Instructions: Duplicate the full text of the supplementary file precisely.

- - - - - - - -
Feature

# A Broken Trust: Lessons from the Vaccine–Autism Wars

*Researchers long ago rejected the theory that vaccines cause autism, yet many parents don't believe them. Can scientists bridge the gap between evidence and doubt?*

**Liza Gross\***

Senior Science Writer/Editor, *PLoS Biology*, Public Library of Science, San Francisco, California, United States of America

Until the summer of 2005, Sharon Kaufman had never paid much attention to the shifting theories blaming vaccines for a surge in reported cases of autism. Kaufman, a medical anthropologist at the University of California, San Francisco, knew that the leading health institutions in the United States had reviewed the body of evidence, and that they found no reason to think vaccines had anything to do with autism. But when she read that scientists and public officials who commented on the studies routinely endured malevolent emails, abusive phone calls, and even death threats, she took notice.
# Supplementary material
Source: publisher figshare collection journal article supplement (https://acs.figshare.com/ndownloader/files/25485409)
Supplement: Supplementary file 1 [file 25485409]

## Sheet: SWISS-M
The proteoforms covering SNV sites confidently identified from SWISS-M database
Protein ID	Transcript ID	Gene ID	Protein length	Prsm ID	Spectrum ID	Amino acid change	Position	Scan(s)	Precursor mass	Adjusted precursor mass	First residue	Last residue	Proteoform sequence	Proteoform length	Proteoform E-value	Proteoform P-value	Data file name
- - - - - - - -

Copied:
Feature

# A Broken Trust: Lessons from the Vaccine–Autism Wars

*Researchers long ago rejected the theory that vaccines cause autism, yet many parents don't believe them. Can scientists bridge the gap between evidence and doubt?*

**Liza Gross\***

Senior Science Writer/Editor, *PLoS Biology*, Public Library of Science, San Francisco, California, United States of America

Until the summer of 2005, Sharon Kaufman had never paid much attention to the shifting theories blaming vaccines for a surge in reported cases of autism. Kaufman, a medical anthropologist at the University of California, San Francisco, knew that the leading health institutions in the United States had reviewed the body of evidence, and that they found no reason to think vaccines had anything to do with autism. But when she read that scientists and public officials who commented on the studies routinely endured malevolent emails, abusive phone calls, and even death threats, she took notice.
# Supplementary material
Source: publisher figshare collection journal article supplement (https://acs.figshare.com/ndownloader/files/25485409)
Supplement: Supplementary file 1 [file 25485409]

## Sheet: SWISS-M
The proteoforms covering SNV sites confidently identified from SWISS-M database
Protein ID	Transcript ID	Gene ID	Protein length	Prsm ID	Spectrum ID	Amino acid change	Position	Scan(s)	Precursor mass	Adjusted precursor mass	First residue	Last residue	Proteoform sequence	Proteoform length	Proteoform E-value	Proteoform P-value	Data file name